We have developed methods for ab initio three-dimensional (3D) structure determination from projection images of randomly oriented single molecules coexisting in multiple functional states, to aid the study of complex samples of macromolecules and nanoparticles by electron microscopy (EM). New algorithms for the determination of relative 3D orientations and conformational state assignment of single-molecule projection images are combined with well-established techniques for alignment and statistical image analysis. We describe how the methodology arrives at homogeneous groups of images aligned in 3D and discuss application to experimental EM data sets of the Escherichia coli ribosome and yeast RNA polymerase II.
View details for DOI 10.1016/j.str.2010.06.001
View details for Web of Science ID 000280046300005
View details for PubMedID 20637414
Mg-chelatase catalyzes the first committed step of the chlorophyll biosynthetic pathway, the ATP-dependent insertion of Mg(2+) into protoporphyrin IX (PPIX). Here we report the reconstruction using single-particle cryo-electron microscopy of the complex between subunits BchD and BchI of Rhodobacter capsulatus Mg-chelatase in the presence of ADP, the nonhydrolyzable ATP analog AMPPNP, and ATP at 7.5 A, 14 A, and 13 A resolution, respectively. We show that the two AAA+ modules of the subunits form a unique complex of 3 dimers related by a three-fold axis. The reconstructions demonstrate substantial differences between the conformations of the complex in the presence of ATP and ADP, and suggest that the C-terminal integrin-I domains of the BchD subunits play a central role in transmitting conformational changes of BchI to BchD. Based on these data a model for the function of magnesium chelatase is proposed.
View details for DOI 10.1016/j.str.2010.01.001
View details for Web of Science ID 000275492000012
View details for PubMedID 20223218
Cobalamins belong to the tetrapyrrole family of prosthetic groups. The presence of a metal ion is a key feature of these compounds. In the oxygen-dependent (aerobic) cobalamin biosynthetic pathway, cobalt is inserted into a ring-contracted tetrapyrrole called hydrogenobyrinic acid a,c-diamide (HBAD) by a cobaltochelatase that is constituted by three subunits, CobN, CobS and CobT, with molecular masses of 137, 37 and 71kDa, respectively. Based on the similarities with magnesium chelatase, cobaltochelatase has been suggested to belong to the AAA(+) superfamily of proteins. In this paper we present the cloning of the Brucella melitensis cobN, cobS and cobT, the purification of the encoded protein products, and a single-particle reconstruction of the macromolecular assembly formed between CobS and CobT from negatively stained electron microscopy images of the complex. The results show for the first time that subunits CobS and CobT form a chaperone-like complex, characteristic for the AAA(+) class of proteins. The molecules are arranged in a two-tiered ring structure with the six subunits in each ring organized as a trimer of dimers. The similarity between this structure and that of magnesium chelatase, as well as analysis of the amino acid sequences confirms the suggested evolutionary relationship between the two enzymes.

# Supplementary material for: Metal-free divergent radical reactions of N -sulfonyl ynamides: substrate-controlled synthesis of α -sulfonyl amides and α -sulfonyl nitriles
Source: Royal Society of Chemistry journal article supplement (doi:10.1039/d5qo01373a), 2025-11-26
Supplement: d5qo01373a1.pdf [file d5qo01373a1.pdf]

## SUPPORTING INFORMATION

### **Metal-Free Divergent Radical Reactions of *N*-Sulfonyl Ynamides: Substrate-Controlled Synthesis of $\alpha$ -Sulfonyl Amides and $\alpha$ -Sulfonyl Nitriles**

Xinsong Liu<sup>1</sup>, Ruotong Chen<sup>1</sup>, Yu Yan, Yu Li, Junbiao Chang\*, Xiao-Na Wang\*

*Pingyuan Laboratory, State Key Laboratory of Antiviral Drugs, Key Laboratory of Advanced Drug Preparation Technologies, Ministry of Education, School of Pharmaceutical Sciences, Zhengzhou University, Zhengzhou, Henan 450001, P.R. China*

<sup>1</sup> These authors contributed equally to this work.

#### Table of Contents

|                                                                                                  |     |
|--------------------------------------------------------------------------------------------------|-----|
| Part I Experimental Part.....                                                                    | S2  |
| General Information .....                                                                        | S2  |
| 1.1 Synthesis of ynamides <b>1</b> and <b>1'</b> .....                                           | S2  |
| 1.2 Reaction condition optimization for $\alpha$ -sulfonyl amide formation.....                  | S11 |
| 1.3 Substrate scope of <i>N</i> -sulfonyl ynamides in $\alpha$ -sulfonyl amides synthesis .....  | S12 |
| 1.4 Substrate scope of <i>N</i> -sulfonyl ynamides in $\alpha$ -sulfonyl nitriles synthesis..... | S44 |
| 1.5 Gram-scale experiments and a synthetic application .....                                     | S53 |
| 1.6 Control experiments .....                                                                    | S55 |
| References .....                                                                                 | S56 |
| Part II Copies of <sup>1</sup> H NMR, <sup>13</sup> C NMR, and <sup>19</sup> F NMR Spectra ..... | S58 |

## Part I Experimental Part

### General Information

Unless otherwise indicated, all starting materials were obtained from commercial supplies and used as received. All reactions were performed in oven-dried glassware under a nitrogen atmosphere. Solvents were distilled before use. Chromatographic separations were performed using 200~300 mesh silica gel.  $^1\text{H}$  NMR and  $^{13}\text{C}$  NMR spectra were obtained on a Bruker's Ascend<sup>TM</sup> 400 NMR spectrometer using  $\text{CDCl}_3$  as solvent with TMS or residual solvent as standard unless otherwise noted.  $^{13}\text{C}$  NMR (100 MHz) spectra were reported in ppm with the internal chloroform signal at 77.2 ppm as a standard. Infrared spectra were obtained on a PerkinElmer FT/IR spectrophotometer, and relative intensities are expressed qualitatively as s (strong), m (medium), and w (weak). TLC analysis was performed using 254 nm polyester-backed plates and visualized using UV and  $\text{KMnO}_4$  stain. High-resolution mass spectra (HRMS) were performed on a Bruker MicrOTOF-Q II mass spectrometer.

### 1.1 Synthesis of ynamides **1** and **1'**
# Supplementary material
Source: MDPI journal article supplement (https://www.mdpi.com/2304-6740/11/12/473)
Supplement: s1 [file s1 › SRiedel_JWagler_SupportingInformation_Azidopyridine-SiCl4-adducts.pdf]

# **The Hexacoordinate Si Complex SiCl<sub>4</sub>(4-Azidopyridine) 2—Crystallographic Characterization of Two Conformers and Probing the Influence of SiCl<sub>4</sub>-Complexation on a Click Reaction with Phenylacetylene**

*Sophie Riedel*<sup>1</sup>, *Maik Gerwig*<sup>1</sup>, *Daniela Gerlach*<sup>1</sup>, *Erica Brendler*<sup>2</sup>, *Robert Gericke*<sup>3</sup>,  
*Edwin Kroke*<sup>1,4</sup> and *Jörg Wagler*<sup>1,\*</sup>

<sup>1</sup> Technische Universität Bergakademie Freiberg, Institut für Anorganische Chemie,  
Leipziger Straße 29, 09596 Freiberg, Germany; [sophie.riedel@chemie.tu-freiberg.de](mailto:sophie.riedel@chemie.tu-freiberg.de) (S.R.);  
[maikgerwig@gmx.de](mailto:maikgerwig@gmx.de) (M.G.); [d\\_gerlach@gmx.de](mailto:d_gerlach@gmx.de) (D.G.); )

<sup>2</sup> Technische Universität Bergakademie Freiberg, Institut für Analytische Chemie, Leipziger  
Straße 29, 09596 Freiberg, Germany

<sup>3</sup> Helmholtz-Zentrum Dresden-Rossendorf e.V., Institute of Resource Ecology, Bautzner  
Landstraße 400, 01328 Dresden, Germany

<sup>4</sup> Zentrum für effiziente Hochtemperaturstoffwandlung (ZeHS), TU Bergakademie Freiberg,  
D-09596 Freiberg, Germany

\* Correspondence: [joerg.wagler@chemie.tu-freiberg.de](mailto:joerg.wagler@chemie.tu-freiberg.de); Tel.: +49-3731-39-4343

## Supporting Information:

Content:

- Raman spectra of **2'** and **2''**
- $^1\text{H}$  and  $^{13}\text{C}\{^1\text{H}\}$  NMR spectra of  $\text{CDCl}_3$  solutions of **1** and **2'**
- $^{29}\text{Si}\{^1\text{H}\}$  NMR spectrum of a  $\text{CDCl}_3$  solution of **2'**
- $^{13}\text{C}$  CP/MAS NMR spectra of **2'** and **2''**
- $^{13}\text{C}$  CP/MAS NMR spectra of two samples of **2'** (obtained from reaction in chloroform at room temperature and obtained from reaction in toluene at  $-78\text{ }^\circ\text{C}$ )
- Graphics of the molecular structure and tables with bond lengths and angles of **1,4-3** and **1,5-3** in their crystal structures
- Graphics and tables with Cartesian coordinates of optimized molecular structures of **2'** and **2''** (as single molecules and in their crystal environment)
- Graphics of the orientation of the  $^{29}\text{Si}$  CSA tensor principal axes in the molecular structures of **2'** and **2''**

View details for DOI 10.1016/j.jsb.2009.06.013
View details for Web of Science ID 000268775700006
View details for PubMedID 19545636
Three-dimensional (3D) structure determination from electron microscopic images of single molecules can be difficult for particles with low or no internal symmetry, and for images with low signal-to-noise ratio (SNR), due to the existence of false maxima in the scoring function used for orientation search. In attempt to improve robustness of orientation parameter refinement towards noise and poor starting reconstruction quality, we have developed a method for common lines-based orientation search in Fourier space. The Fourier-space formulation enables inclusion of resolution (spatial frequency of the low-pass limit) as a variable that is adjusted in a particle-dependent, self-adaptive manner. The method allows for the underlying 3D structure to be estimated to high resolution, and requires only a crude, low-resolution reconstruction as starting-point for refinement. Benchmarking of the method is performed on experimental and synthetic data.
View details for DOI 10.1016/j.jsb.2009.04.009
View details for Web of Science ID 000266819300011
View details for PubMedID 19410651